On August 17, 1760, John Wesley wrote a letter to a preacher named John Premboth. His words are critical for pastors to hear today.:
What has exceedingly hurt you in time past, nay, and I fear to this day, is want of reading.
I scarce ever knew a preacher read so little. And perhaps, by neglecting it, you have lost the taste for it. Hence your talent in preaching does not increase. It is just the same as it was seven years ago. It is lively, but not deep; there is little variety, there is no compass of thought. Reading only can supply this, with meditation and daily prayer. You wrong yourself greatly by omitting this. You can never be a deep preacher without it, any more than a thorough Christian. Continue reading
Mark 15:34- And at the ninth hour Jesus cried with a loud voice, “Eloi, Eloi, lema sabachthani?” which means, “My God, my God, why have you forsaken me?”
This is a difficult passage. Does God the Father forsake Jesus in this moment? How can we understand these words?
In order to understand them, you have to take a look at the Psalm that Jesus is quoting from. Jesus is quoting from Psalm 22. This is a Psalm attributed to David. It includes instructions with it—To the choirmaster: according to The Doe of the Dawn. These comment is marking the tune that the Psalm is meant to be sung to. It is a Psalm that was sung by the Jewish people in worship. It would be like saying “Amazing Grace, how sweet the sound…” or “Great is thy faithfulness O God my Father…” Continue reading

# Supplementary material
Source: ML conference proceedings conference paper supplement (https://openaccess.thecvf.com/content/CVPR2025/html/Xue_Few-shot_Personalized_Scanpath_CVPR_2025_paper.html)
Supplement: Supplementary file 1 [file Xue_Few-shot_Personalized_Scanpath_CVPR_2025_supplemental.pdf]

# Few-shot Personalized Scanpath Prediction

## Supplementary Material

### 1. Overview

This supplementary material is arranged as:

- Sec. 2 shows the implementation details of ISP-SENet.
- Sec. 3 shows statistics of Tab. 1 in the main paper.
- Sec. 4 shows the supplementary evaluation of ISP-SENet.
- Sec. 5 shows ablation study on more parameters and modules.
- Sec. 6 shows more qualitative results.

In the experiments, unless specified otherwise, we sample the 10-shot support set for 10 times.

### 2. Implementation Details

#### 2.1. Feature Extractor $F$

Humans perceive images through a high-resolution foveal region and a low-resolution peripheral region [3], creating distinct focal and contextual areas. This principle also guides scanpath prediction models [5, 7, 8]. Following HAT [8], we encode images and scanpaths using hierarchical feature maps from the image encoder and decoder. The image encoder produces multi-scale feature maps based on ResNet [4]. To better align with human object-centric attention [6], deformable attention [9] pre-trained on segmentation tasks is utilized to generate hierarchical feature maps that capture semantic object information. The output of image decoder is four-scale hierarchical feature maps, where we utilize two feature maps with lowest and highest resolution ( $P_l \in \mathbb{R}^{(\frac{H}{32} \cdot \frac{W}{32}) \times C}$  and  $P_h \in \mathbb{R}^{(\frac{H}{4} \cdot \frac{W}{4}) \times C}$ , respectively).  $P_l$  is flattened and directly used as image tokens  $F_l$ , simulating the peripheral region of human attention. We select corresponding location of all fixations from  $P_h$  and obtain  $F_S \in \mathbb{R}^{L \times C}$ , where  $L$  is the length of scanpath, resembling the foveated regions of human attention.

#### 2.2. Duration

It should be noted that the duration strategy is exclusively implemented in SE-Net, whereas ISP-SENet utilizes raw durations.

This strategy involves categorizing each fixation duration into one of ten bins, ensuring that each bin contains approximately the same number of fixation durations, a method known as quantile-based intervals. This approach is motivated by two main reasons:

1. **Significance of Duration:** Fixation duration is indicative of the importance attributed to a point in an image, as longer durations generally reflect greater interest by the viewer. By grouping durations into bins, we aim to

26 When Jesus saw his mother and the disciple whom he loved standing nearby, he said to his mother, Woman, behold, your son!” 27 Then he said to the disciple, “Behold, your mother!” And from that hour the disciple took her to ahis own home. (John 19:26-27 ESV)
This is a great moment of compassion and reconciliation. At its most basic level, this saying of Jesus is not hard to understand. Jesus is trying to take care of his mother. They have not always had the best of relationships. You can imagine that it was not easy to be the mother of Jesus. Continue reading
Throughout much of church history, and still in the Catholic tradition, communion was the climax of the worship service. In fact, in the early church those who were new to the church community were dismissed before the sacrament. People were known throughout history to stand at the doors or look in the windows just to catch a glimpse of the sacred bread.
The early church generally followed a very simple outline for worship. They gathered in someone’s home, greeted each other, and ate a meal. Sometimes later in the meal or after the meal, an elder in the community would tell a story of Jesus or from the scriptures and give insights into the passage or event for the community. There was a collection for the poor—at first for Jerusalem but later for their individual communities. Then the sacred meal was taken before they left. Continue reading
(This is my sermon for Ash Wednesday 2017)
What is Lent? The word simply means spring. It is a roughly 40 day period that leads from Ash Wednesday to Holy Week, as we walk with Jesus toward the cross. It is a time of self-examination and repentance. The church traditionally participates in prayer, fasting, and almsgiving. Such a time is a little scary to protestants, who seem to fear returning to their catholic roots. It is also more and more counter cultural to believe in anything called sin that we may need to repent from. How depressing an idea? That idea does not have the beauty or the marketability of the Christmas message.I want to take a few minutes to develop for you what Lent is all about, and why we do this odd tradition with ashes. I am not just interested in understanding the traditions. More than that, I think it is critical for your soul that a Lenten spirituality be a part of your faith walk. Continue reading